What you should read here (if I am not mistaken) is that the roots of Chenoua are in the hills, but its slopes go down to the sea.

… une profusion de roses thé épaisses comme de la crème…

… an abundance of Tea roses, thick as cream, …

roses thé

This is a species of roses. Wikipédia describes them as hybrids. On English Wikipedia, they can only be found as hybrid tea roses.

épaisses comme de la crème

Looking at a picture of one species of tea rose (see below, CC-BY-SA Stan Shebs), I suppose "thick as cream" refers to the texture of the petals, evoking something like velvet.

Catherine Mermet tea rose, from Wikimedia Commons

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I have personally never heard noir de soleil as a common expression. While it works for noir de monde it makes no real sense when associated with the word sun in a common sentence.

In the essay you mention, it takes another dimension. Here noire de soleil would make me think about both the sun being very present, hot and eventually the fact that the sun is even somehow burning the countryside (hence the reference to black).

In common language, noir de can be used with monde (people) or objects, animals, etc.

For example:

  • Le train était noir de monde - the train was full of people, very crowded.
  • Son lit était noir de punaises - his bed was covered with bedbugs.

But I would definitely not use it in conjunction with something that is typically not black or close to black, although one would probably understand the meaning of your sentence.

For example:

  • La montagne était noire de neige - the snow being white, the sentence would make no real sense.
  • La place était noire de colombes - a dove being white, the same applies here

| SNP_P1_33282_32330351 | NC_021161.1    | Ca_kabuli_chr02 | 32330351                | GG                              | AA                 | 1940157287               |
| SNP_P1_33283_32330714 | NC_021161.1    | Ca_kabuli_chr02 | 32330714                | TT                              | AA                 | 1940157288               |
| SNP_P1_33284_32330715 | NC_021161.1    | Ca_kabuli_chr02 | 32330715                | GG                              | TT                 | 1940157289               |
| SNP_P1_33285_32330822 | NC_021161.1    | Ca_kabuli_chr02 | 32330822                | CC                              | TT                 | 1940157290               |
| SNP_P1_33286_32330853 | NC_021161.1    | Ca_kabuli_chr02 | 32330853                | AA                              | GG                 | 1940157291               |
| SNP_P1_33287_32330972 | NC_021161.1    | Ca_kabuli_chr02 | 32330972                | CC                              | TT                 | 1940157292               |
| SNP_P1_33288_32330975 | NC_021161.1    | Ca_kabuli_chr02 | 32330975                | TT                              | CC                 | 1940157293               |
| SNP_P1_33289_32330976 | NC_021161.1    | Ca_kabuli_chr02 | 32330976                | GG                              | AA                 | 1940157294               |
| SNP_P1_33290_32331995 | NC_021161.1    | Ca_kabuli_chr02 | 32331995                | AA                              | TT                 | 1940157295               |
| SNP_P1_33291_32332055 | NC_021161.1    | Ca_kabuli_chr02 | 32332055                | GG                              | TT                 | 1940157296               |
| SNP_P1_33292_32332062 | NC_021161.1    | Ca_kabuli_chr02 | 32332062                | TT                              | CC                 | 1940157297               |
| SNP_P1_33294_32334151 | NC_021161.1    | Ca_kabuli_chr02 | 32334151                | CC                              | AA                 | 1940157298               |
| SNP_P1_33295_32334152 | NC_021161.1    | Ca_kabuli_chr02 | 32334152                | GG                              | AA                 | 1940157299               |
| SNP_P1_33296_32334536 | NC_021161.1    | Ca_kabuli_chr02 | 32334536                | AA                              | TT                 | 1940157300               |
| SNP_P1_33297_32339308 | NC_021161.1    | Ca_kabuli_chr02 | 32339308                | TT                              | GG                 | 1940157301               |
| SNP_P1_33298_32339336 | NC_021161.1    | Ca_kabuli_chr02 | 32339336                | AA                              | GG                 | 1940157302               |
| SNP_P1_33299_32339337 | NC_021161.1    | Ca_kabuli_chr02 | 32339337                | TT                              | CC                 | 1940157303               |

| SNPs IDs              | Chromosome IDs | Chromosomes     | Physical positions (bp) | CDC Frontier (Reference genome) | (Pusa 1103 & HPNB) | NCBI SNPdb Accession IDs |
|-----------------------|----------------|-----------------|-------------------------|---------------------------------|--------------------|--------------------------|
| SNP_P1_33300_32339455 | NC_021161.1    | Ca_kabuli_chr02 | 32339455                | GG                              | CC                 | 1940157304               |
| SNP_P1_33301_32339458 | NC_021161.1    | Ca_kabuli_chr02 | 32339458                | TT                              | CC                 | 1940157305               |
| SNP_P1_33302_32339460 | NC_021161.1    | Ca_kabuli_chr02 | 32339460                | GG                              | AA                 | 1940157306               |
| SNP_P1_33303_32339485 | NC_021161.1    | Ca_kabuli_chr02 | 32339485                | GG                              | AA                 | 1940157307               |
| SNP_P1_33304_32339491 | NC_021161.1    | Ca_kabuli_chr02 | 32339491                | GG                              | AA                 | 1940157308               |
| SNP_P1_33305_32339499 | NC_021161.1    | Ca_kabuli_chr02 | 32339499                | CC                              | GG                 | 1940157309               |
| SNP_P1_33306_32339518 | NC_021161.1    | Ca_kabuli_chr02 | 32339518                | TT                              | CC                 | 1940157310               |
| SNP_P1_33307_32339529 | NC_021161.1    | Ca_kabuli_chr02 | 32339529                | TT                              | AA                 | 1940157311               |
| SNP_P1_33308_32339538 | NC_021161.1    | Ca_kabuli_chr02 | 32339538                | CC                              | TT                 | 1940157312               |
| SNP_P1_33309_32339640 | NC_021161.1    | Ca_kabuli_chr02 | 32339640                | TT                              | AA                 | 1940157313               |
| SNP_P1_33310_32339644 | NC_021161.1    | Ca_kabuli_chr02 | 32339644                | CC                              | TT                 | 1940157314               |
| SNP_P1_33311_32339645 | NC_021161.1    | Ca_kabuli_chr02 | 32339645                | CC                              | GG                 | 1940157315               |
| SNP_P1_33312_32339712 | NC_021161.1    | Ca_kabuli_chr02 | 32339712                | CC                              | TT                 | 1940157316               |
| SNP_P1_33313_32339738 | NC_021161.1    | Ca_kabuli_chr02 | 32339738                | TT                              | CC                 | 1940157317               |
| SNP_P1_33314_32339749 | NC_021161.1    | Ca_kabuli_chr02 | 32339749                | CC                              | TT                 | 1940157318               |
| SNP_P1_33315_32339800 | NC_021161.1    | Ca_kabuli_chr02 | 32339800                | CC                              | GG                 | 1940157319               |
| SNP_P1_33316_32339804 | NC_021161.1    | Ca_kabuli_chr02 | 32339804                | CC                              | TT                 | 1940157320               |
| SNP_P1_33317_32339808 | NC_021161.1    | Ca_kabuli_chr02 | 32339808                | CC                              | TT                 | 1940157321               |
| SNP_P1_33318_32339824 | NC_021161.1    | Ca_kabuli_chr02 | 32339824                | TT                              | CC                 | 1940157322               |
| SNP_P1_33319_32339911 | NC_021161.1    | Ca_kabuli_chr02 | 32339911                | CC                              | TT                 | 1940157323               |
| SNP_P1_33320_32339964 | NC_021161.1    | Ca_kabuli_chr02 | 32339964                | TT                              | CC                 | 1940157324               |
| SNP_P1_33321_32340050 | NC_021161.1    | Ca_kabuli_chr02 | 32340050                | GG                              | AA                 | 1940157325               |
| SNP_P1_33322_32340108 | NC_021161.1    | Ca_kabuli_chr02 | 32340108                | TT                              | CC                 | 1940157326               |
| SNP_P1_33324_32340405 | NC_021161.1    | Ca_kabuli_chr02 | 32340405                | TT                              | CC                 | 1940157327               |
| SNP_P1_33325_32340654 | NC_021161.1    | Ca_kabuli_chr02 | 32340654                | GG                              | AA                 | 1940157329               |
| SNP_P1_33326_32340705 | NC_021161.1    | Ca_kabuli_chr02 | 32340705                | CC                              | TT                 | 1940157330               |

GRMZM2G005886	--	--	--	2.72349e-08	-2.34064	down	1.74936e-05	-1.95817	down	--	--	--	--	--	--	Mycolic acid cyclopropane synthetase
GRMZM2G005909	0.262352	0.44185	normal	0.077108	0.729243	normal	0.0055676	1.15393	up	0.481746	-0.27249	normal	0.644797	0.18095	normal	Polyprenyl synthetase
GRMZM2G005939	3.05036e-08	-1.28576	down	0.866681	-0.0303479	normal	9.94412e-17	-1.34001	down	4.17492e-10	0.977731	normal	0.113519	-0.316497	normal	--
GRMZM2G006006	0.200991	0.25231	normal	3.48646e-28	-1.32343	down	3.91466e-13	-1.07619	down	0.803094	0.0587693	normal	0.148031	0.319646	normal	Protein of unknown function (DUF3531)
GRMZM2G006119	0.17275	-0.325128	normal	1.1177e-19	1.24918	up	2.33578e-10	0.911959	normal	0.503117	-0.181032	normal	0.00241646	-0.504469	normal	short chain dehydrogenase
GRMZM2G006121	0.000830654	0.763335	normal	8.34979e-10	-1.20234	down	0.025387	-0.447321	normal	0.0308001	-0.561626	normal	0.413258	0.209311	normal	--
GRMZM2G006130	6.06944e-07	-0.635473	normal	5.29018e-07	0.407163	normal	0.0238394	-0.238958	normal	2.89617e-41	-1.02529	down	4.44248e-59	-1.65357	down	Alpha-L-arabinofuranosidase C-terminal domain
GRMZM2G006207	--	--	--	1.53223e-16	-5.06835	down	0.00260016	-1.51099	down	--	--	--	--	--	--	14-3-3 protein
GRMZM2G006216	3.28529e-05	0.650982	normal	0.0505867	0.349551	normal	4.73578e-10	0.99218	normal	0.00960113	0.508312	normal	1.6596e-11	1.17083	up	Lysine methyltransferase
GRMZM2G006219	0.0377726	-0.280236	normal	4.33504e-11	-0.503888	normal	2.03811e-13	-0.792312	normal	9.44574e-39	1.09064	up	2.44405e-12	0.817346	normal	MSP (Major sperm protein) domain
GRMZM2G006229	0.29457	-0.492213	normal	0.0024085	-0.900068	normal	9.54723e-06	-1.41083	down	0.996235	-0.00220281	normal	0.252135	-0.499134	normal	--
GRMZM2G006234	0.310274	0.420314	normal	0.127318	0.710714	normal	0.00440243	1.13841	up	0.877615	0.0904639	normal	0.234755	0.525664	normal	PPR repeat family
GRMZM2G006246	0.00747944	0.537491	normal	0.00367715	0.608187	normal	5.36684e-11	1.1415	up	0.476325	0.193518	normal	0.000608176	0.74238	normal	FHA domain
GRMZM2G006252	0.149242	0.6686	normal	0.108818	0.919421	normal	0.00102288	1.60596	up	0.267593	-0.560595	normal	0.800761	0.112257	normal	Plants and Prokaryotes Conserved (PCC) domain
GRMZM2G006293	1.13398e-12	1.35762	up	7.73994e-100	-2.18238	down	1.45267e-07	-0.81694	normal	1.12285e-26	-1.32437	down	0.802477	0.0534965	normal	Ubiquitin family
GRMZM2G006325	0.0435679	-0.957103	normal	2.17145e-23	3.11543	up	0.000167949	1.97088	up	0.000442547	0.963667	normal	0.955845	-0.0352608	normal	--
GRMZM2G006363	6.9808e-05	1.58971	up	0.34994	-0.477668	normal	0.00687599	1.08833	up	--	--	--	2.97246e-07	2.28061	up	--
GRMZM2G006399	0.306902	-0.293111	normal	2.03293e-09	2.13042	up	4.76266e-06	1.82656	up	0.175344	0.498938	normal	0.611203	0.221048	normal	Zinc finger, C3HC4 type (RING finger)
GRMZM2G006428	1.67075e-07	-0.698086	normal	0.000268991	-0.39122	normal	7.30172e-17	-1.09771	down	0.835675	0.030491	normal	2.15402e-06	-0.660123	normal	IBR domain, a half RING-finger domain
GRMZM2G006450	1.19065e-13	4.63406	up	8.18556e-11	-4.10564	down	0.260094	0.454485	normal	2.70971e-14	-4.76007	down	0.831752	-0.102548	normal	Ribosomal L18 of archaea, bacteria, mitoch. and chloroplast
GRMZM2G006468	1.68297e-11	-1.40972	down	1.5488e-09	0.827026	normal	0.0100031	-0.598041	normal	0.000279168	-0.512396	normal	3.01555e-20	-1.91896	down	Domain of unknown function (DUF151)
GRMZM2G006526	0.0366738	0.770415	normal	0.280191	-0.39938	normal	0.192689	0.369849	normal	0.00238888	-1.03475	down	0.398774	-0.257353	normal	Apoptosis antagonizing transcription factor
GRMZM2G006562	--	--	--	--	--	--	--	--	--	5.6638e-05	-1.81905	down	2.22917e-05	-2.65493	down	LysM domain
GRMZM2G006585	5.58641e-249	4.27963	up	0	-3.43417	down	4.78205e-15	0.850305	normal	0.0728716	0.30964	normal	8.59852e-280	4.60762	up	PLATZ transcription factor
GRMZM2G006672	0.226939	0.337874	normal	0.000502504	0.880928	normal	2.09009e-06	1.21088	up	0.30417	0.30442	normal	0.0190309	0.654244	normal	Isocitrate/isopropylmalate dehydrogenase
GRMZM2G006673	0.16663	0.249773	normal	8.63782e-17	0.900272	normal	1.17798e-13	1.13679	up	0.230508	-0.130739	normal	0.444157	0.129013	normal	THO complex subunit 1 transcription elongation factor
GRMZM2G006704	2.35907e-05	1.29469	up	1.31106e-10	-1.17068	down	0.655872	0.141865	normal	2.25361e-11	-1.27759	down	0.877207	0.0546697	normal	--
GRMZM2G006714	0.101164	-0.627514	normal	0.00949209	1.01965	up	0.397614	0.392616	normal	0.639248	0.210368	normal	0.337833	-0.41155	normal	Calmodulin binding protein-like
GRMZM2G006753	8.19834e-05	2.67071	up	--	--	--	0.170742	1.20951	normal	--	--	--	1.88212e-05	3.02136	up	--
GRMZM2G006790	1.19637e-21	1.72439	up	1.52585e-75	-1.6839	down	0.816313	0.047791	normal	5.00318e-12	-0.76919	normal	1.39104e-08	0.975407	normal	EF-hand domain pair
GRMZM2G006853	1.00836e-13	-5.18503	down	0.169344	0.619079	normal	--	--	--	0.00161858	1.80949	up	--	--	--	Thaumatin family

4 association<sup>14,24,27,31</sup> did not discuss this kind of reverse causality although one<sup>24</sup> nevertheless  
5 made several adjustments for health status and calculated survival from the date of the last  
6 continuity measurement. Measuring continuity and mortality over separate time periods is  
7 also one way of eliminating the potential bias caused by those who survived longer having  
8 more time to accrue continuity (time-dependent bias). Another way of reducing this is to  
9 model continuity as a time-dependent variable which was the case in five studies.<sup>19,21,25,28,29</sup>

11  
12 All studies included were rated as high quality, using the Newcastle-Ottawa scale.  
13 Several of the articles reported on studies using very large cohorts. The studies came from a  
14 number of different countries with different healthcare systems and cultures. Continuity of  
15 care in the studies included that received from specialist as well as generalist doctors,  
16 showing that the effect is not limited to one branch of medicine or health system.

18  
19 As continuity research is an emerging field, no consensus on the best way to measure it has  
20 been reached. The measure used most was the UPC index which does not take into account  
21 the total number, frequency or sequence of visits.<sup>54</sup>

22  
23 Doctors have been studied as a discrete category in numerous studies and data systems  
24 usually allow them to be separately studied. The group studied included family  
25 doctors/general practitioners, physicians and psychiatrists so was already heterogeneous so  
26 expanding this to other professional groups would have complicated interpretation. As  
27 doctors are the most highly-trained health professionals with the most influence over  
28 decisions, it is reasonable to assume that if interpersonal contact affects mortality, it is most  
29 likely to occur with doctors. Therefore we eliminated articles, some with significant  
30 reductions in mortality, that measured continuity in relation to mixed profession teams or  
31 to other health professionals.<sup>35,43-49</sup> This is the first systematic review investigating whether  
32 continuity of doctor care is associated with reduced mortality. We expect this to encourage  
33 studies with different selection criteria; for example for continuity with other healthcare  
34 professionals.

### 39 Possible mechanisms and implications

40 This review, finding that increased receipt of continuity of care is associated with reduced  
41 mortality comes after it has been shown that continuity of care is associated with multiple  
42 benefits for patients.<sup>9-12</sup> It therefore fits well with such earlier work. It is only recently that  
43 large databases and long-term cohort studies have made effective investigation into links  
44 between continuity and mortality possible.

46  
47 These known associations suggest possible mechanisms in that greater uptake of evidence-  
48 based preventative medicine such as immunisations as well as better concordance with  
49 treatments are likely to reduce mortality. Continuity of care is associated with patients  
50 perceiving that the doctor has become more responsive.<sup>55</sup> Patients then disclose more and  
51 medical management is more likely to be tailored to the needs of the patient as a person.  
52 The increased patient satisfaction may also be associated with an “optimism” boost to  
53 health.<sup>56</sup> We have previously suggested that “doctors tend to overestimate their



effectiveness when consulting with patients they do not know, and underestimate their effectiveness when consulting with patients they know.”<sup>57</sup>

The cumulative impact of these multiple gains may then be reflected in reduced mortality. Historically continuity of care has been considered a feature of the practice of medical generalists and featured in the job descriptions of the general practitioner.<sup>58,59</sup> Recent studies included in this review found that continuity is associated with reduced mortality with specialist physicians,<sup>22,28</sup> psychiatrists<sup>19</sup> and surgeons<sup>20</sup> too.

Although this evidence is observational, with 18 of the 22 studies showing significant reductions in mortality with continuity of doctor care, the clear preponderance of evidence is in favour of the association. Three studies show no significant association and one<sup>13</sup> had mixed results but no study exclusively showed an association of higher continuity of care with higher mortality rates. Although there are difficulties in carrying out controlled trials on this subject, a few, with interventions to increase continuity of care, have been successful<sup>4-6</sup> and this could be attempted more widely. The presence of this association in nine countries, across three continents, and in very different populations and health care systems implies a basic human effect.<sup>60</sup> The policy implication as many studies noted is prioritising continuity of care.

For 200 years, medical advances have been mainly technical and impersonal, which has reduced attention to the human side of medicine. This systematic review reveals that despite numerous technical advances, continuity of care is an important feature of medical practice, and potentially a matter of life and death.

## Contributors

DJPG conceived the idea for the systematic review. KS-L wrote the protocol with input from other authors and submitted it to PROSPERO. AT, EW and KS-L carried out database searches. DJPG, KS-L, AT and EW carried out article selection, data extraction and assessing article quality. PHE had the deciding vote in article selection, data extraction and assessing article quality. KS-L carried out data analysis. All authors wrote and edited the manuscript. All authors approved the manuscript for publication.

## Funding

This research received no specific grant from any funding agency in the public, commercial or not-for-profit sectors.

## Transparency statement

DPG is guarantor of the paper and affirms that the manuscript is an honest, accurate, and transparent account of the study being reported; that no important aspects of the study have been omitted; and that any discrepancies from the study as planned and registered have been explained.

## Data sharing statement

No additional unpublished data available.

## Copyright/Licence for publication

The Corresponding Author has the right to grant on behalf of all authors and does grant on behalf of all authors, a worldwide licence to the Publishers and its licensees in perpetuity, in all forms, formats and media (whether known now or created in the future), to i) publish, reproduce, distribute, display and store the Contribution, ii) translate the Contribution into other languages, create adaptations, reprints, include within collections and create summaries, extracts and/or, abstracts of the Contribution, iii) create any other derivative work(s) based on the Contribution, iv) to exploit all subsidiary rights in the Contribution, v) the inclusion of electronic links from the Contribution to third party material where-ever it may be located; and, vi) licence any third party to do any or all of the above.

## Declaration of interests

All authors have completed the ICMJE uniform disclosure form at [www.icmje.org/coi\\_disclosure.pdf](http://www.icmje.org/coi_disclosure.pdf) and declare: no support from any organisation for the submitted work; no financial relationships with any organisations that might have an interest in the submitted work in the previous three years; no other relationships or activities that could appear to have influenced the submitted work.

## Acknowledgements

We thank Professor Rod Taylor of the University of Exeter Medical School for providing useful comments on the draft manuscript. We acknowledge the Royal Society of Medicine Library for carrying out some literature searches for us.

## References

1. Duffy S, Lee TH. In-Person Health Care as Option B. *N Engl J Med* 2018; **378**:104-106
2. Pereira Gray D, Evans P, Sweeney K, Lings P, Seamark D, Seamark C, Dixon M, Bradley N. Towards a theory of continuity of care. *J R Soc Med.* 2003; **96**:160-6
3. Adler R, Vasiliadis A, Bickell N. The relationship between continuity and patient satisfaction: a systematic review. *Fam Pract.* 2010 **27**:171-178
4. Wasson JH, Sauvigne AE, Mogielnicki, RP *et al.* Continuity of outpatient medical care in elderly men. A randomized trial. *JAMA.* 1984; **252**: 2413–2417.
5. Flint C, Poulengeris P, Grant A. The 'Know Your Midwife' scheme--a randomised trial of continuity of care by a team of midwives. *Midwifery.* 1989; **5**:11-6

Hope this helps.

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  • It is true it is not a common expression, but I do not think it is black as in burning. This is Mediterranean countryside. Sunny, yes, but not the scorching desert yet. This looks rather like (as far as I'm concerned) a free adaptation of a common expression into an uncommon use, such as can be found in poetry. The Chenoua is another example: though a mountain is by definition an immovable object, in Camus's text, it sets off to the sea. Style figures can be beautiful and hard to understand, even sometimes look like nonsense until you acknowledge them for what they are. – Chop Sep 2 '15 at 12:56
  • Agreed. Well, that's the way I would understand it, but as you said, this is poetry and it is open to interpretation. My answer was more to focus on the use of the noir de expression in common language. I just gave my understanding of it without knowing the whole story behind this particular sentence in the essay. – MrUpsidown Sep 2 '15 at 13:07
  • You're right, "noir de soleil" is not a common expression at all, but as Chop said, Camus deliberately imitates the common expression "noir de monde" to create a surprising oxymoron: it has both a humoristic and poetic effect, meaning that his country is so sunny that you can't see anything else but the sun... – BBBreiz Apr 15 '16 at 12:54